Lesson 4: Controlling Motion

Kozak02Controlling Motion
by Steve Kozak
M. Photog., CR.
CPP

 

 

 

The shutter speeds not only control the amount of light that reaches the film, but they also control the apparent movement of objects in motion during the exposure.

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Objects that are moving during the exposure will appear almost stationary at fast shutter speeds, and may record as a blur during slower shutter speeds.

fast1Fast Shutter Speed
This image at left was recorded at F2.8 @ 1/250. Notice how the fast shutter speed arrested the movement of her hair blowing in the wind.

slow1

 

 

 

 

 

 

Slow Shutter Speed
This image at right was recorded at F16 @ 1/8 with the camera on a tripod. Notice how the slow shutter speed recorded the movement of her hair blowing in the wind.

By the way, shutter speeds help control movement of the camera by the photographer.

We all have a tendency to shake when we hold the camera. For a picture to be truly sharp, the camera needs to be kept very still during the exposure.

When hand-holding the camera, use shutter speeds that are no slower than the focal length of the lens you are using.

It is recommended that you use shutter speeds with a value that is at least 1/focal length – or faster when your hand-holding the camera.

For example, use 1/250 if you have a 200mm lens on the camera or 1/125 with a 100mm lens. Generally speaking, it is best not to allow the shutter speed to fall below 1/60 when hand-holding any lens.

slow2Slow Shutter Speed
This image at left was recorded with a 100mm lens at F16 @ 1/8 with the camera hand-held.

Notice how the slow shutter speed recorded the movement the camera in my hands.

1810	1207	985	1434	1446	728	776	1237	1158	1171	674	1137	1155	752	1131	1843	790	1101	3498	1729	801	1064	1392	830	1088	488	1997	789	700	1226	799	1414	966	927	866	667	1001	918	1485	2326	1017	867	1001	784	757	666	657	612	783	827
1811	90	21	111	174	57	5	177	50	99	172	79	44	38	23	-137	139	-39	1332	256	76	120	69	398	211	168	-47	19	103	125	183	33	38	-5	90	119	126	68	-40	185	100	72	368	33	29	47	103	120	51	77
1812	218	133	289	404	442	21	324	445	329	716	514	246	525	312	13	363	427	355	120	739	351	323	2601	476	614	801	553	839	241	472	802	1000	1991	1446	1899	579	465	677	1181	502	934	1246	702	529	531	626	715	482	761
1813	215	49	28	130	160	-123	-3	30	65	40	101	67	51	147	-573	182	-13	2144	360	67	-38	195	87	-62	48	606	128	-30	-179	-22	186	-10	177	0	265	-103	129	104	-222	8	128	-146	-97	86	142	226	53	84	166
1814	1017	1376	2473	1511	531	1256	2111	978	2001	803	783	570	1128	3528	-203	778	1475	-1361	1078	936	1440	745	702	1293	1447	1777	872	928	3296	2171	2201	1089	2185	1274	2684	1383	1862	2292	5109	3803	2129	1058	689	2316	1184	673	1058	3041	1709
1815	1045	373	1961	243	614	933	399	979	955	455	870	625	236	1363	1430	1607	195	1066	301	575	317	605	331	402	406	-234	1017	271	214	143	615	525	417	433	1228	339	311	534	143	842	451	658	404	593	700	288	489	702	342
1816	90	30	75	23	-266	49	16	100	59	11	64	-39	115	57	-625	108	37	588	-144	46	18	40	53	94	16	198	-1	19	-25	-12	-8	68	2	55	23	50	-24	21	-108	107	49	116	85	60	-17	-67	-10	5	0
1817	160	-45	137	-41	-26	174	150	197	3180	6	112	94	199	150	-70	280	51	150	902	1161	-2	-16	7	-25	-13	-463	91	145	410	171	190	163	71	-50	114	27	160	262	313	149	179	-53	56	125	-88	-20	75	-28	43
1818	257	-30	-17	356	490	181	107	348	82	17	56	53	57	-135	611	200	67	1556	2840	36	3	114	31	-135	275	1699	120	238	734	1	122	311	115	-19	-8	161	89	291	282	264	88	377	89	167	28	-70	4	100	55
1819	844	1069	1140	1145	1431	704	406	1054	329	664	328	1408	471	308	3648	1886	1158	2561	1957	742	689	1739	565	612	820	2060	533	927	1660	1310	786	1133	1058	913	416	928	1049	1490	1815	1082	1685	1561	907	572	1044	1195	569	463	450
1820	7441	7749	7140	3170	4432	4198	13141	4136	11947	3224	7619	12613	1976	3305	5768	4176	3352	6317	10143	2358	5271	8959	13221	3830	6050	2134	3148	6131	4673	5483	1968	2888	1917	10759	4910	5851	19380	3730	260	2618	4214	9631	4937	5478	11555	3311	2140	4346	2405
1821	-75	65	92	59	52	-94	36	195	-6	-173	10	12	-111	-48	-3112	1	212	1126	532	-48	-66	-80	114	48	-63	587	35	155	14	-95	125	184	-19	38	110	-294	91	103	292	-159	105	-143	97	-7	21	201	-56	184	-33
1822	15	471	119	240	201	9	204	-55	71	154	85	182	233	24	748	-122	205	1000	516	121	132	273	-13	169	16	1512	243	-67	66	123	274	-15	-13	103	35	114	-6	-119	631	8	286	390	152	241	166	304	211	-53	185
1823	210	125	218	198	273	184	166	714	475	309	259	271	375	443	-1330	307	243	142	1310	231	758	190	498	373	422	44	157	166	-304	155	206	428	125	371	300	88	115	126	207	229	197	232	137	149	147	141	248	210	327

fast2

 

 

 

 

 

Fast Shutter Speed
This image at right was recorded with a 100mm lens at F4 @ 1/125 with the camera hand-held. Using a shutter speed that is at least equal to the focal length of the lens (100mm = 1/125) allows me to hand-hold the camera and record a sharp image.

Using speeds slower than the focal length of your lens may require a tripod, monopod or some other camera support. Vibration Reduction or Image Stabilization features on a lens will also help keep images sharp at slower speeds.

Welcome to your Lesson 4: Controlling Motion

1. The shutter speeds serve two purposes - what are they?
2. What is the slowest shutter speed that you should use if you are hand-holding your camera?
3. Why would you want to change the shutter speed from 1/60 to 1/250?
4. Which line has the “whole” shutter speeds in the correct order?
5. If you move the shutter speed from 1/125 to 1/250, what happens to the amount of light that reaches the sensor?
6. If you move the shutter speed from 1/60 to 1/30, what happens to the amount of light that reaches the sensor?
7. Which of the following shutter speeds would be best for freezing a moving subject?
8. If you are hand holding the camera with a 200mm lens, which is the slowest speed you should use?
9. How much more light reaches the sensor when you move from F8 to F4?
10. How much less light reaches the sensor when you move from F2.8 to F5.6?